Falling into the trap

The Nuggets shot just six of 28 from the three-point line in game one, their 4th worst single game three-point percentage in 83 outings this season. Simply put, the Nuggets got the looks they wanted but they simply didn’t go in. However, the real success of the Spurs’ double team strategy wasn’t necessarily that the Nuggets missed an ungodly amount of shots. The team could progress to the mean in game two and San Antonio’s strategy of doubling Jokic might end in a blowout in Denver’s favor.

The real benefit of doubling Jokic early and often is that it took it him out of rhythm. There was probably only four or five times throughout the entire game that Jokic passed up scoring opportunities but they all came in the 3rd and 4th quarters after the Spurs had established the expectation of the fast double.

Whether Jokic was anticipating a double team that never came or whether he just lost his own rhythm as a result of the Spurs’ insisting that he take as few field goal attempts as possible, the 2nd half of game one saw Jokic misread a few golden opportunities to put pressure on the rim and score inside.

The crowd of over 17,000 Nuggets fans let out a collective groan on a couple of these post touches in which Jokic never even looked at the rim. Basketball is a rhythm game. In the same way that Bryn Forbes knocking down an easy shot early probably gave him confidence and rhythm, Jokic being forced to pass out of a double team so often probably disrupted his own rhythm and timing as a low post scorer.

Patience after the kickout

The other Nuggets can also do a better job of taking advantage of the kickouts that Jokic generates on these doubles. Most kickout passes don’t lead directly to a spot-up shot but a double-team inherently means that the defense will be at a disadvantage once the offense passes out of the trap. With two defenders tied to Jokic in the post, the race is on to find the open man and press the advantage.

Only this race requires both speed and patience. In the clip below, the ball flies around the arc before finding a pair of mismatches to exploit. Even better, the Nuggets don’t target the mismatch by trying to force-feed an isolation or post-up, another action that can be double teamed. Instead, the team works to find their spots around the court and put pressure on the rim through another drive to the basket and kickout. This is the blueprint to beating the double team. Three-point shooting can be up and down but at their best, the Nuggets work as a five-man unit to press an advantage.

Jokic doing work early in the post

At practice, Malone mentioned Jokic’s defense on Aldridge as one of the things that stood out when rewatching the film from game one.

“Nikola’s defense on Aldridge, I thought was terrific. He was physical, he did his work early, he made him a little bit uncomfortable.”

In the clip below, you can see exactly what Malone means about getting physical and doing work early. Aldridge is a finesse player who beats his man by getting to his spots. It’s all over once he turns the corner going right or gets you on your heels when he turns to his left. Jokic, a finesse player himself, did a great of walling off those spots on the court and forcing Aldridge further away from the paint before the ball dumps inside, when much less contact is allowed.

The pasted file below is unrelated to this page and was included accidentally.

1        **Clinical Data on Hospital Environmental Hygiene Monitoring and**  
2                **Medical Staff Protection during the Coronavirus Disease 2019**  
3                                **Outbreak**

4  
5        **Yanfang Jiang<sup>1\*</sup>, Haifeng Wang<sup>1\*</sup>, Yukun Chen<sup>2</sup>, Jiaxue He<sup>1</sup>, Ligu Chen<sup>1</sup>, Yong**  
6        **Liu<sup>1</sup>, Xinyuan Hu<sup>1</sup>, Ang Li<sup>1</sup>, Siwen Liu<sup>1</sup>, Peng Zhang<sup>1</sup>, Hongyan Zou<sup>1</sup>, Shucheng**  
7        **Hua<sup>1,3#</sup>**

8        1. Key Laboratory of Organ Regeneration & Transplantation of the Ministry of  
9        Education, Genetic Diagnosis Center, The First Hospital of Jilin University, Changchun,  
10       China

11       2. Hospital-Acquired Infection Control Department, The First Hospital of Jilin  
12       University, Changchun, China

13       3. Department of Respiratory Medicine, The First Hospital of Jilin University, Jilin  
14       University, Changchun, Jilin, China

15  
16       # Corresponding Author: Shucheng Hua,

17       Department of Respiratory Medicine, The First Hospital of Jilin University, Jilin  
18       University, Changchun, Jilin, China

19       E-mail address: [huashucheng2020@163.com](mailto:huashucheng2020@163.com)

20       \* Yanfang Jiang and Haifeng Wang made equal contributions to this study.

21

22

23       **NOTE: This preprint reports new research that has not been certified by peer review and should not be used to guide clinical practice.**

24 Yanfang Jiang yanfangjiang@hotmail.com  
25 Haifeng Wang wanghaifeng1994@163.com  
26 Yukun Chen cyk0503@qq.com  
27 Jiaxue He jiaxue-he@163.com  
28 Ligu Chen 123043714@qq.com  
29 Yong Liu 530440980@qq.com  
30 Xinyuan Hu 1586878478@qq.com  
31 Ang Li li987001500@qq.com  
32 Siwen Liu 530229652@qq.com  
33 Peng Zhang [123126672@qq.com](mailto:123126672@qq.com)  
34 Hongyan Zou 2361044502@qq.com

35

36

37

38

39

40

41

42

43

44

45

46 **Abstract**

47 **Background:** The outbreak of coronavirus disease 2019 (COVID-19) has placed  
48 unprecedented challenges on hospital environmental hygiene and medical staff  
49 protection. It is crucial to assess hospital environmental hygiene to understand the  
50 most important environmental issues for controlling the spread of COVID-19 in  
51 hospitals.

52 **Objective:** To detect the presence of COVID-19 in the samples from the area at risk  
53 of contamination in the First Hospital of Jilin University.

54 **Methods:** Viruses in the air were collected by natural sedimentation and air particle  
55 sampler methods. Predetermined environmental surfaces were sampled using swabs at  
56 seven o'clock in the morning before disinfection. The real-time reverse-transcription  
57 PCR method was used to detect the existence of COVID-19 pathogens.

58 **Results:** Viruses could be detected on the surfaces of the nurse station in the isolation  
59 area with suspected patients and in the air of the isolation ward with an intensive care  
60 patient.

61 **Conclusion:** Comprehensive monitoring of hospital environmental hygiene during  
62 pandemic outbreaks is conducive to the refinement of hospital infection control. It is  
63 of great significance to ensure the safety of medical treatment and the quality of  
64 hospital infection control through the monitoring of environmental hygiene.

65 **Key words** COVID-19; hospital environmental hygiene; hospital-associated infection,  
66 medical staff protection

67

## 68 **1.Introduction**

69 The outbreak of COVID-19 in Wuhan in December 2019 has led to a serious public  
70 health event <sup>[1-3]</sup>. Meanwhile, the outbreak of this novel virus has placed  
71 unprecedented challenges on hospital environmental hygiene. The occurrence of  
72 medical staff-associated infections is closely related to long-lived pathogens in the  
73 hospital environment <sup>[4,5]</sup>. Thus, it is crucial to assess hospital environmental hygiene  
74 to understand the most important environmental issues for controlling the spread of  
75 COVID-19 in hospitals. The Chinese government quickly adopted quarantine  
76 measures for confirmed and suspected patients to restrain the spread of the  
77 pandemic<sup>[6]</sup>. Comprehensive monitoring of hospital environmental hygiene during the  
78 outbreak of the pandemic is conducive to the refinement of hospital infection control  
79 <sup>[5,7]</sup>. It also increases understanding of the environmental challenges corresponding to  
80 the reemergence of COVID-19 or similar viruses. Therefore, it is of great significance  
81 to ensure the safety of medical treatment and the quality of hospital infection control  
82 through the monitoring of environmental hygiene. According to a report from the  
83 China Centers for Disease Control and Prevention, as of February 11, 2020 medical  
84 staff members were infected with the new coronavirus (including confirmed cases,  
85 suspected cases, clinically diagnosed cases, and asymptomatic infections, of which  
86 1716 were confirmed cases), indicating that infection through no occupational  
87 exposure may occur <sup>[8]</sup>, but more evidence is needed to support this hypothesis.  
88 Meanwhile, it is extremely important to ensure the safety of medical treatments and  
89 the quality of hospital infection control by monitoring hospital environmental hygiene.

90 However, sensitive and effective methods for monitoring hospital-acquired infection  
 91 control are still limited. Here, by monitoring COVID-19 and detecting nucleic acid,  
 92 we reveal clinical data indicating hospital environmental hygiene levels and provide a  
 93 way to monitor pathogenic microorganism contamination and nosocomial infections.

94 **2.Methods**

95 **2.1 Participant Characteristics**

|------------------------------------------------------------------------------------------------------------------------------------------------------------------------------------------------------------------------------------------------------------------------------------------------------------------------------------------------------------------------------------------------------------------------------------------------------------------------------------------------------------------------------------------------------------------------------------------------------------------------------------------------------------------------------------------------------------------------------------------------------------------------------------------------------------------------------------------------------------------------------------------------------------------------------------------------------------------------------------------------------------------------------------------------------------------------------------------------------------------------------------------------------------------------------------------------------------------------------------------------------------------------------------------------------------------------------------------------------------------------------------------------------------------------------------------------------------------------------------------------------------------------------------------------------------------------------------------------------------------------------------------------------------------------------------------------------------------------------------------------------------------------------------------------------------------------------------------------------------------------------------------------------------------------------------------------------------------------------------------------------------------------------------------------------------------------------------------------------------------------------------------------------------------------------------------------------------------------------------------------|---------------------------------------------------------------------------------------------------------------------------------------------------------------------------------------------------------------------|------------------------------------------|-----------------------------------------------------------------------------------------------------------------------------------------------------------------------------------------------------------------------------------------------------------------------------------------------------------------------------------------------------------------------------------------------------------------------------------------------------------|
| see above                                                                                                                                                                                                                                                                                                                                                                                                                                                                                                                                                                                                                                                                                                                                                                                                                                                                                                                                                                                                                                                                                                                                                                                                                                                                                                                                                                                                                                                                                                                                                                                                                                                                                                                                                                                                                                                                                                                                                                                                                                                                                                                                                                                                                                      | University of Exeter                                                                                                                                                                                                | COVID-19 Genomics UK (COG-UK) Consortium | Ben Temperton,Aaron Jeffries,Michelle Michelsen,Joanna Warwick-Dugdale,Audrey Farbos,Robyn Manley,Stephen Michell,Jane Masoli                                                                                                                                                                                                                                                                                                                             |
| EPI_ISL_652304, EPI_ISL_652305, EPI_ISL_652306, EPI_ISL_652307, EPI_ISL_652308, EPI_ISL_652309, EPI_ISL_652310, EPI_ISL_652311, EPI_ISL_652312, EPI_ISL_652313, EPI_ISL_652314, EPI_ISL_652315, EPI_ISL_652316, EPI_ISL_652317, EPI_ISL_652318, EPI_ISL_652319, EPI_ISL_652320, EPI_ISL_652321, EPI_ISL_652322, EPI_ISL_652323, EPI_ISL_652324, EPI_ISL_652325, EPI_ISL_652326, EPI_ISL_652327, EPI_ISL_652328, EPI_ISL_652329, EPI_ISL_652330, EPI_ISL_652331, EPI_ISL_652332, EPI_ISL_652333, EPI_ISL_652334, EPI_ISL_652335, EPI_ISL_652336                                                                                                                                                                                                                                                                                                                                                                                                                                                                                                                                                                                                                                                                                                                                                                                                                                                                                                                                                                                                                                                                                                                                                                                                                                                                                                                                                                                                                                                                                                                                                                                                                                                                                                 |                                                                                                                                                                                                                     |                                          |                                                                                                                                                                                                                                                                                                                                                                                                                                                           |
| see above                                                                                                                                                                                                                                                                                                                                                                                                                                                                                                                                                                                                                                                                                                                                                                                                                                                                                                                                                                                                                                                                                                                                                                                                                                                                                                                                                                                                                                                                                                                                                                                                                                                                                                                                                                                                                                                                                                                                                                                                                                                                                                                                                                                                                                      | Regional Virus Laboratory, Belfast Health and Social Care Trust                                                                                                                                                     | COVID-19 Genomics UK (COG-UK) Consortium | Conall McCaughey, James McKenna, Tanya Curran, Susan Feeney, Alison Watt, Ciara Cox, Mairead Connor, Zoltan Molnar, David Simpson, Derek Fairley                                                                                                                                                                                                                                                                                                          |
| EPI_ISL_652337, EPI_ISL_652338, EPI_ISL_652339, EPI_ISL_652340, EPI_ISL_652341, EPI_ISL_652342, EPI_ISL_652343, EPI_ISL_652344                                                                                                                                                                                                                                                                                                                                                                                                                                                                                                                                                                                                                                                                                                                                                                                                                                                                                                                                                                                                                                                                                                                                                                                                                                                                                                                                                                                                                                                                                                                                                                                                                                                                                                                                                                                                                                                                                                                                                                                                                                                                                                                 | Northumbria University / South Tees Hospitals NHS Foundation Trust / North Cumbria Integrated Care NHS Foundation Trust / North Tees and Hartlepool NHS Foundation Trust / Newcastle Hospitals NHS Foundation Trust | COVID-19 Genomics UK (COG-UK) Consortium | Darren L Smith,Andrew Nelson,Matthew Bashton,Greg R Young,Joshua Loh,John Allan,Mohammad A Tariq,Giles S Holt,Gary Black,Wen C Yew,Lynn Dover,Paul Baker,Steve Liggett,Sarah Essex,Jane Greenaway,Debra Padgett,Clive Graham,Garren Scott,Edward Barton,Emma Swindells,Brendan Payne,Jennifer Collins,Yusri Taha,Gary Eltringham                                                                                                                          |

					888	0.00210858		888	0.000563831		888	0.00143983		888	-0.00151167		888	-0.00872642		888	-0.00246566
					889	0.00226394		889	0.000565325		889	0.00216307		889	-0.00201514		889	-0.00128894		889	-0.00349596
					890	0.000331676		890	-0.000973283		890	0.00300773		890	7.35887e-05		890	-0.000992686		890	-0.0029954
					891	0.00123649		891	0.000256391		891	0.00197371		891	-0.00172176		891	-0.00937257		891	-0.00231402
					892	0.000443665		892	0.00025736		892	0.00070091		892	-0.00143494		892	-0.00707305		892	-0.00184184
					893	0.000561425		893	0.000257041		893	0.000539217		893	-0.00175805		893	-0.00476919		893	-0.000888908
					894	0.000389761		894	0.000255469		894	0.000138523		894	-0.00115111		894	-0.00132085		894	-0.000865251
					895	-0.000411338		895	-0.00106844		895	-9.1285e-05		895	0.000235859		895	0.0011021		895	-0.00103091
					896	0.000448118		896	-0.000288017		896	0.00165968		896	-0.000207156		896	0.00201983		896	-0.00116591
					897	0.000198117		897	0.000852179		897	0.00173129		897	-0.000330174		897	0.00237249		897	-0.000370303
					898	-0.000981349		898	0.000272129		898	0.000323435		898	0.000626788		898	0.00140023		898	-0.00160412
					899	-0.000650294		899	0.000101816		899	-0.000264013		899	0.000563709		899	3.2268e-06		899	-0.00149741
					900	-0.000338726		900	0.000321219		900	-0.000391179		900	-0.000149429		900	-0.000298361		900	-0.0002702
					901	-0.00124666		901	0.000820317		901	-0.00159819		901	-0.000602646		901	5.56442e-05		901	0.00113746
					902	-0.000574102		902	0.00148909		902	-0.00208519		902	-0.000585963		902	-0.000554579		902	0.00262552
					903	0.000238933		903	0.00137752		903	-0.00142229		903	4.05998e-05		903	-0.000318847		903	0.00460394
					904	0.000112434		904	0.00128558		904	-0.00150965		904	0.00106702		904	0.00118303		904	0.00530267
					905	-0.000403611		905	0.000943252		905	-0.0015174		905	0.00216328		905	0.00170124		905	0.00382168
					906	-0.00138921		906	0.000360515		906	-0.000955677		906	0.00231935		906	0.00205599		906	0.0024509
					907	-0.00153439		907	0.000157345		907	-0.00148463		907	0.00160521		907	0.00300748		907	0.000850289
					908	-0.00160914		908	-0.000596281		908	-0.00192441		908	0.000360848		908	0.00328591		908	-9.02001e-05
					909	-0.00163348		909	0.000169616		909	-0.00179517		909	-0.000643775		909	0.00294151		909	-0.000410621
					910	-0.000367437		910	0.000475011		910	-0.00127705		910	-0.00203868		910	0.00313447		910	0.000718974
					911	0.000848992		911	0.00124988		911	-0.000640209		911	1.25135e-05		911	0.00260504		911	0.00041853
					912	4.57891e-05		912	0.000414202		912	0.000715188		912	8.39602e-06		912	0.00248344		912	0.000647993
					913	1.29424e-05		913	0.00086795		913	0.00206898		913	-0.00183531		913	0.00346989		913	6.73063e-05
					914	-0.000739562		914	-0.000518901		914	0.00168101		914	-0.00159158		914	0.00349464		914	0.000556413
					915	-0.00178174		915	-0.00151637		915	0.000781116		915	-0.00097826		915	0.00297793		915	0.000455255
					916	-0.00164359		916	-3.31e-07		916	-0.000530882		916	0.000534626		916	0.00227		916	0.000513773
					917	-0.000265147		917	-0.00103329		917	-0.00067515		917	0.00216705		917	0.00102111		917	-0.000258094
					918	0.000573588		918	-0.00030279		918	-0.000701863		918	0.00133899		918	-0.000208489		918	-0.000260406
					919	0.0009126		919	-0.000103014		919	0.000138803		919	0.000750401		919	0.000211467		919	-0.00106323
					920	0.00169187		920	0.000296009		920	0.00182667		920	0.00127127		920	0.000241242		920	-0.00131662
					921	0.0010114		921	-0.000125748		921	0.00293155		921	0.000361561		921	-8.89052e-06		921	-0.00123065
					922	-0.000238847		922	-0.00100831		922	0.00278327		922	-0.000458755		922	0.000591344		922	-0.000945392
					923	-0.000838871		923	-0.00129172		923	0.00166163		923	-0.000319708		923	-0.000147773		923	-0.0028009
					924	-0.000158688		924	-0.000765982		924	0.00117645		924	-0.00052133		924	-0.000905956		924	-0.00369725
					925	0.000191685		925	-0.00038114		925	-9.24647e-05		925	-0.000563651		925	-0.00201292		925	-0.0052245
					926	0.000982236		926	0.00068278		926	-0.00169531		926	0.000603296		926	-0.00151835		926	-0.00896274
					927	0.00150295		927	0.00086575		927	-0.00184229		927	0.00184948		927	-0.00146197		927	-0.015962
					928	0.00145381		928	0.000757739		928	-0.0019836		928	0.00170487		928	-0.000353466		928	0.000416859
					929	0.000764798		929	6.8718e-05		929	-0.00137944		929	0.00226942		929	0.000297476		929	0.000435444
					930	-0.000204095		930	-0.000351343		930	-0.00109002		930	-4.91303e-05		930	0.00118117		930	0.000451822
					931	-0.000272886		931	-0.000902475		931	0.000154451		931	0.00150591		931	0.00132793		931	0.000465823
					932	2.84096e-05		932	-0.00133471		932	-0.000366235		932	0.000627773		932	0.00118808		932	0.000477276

Millsap vs. Bertans

One battleground that could very well determine the outcome of a game or two in this series is the 2nd (and sometimes 4th) quarter matchup between Davis Bertans and Paul Millsap. For the Spurs, Bertans spaces the floor, preventing Millsap from providing as much backside help on drives and rolls to the basket as the Nuggets would like. For the Nuggets, Millsap is too strong and too quick for Bertans to guard one-on-one. In game one, Millsap was at his most aggressive in these stints, attacking off of the dribble and generating contact going toward the basket.

Rear contests

In order to contain a PnR, a big defending the ball screen has to prevent the ball-handler from getting too deep into the paint while the guard fights through the screen to recover. The Nuggets have been pretty good at keeping the ball-handler out of the restricted area but have been abysmal all season at fighting through screens and contesting pull-up jumpers from behind on PnRs.

DeMar DeRozan is probably the best high-volume mid-range pull-up scorer in the NBA. This will create a vulnerability in Denver’s defensive tendencies unless they can find a way to provide the same effort throughout the series contesting shots from behind as they did in game one. Defensive plays like this were a large part of why DeRozan scored just 18 points on 17 shots.

Belinelli rooks Beasley

Malik Beasley still has a lot to learn about defending shooters through off-ball screens. In the clip below, the veteran Marco Belinelli sends Beasley on a tour around Aldridge and Plumlee before pump-faking him out of bounds. Notice the subtle shove-off, the fake that sends Beasley running around the screen, the fade to the corner, and the Belinelli special: that exaggerated shot fake that is line one of Denver’s scouting report on him.

Take notes young blood. Someday you’ll be teaching 20-year old players these same lessons.

Patty Mills trying hard to give Jokic fouls

The Spurs are going to try to place Jokic in foul trouble through any means necessary. In the first quarter of game one, Mills hit the deck or whipped his head back every time he ran around a Nikola Jokic screen. Just look how convincing Mills is! Even the broadcast crew is initially appalled by the “crusher screen,” even letting out a gasp of concern for poor Mills.

On second watch...nice try Mills. And nice work by the officials to see these flops for what they were.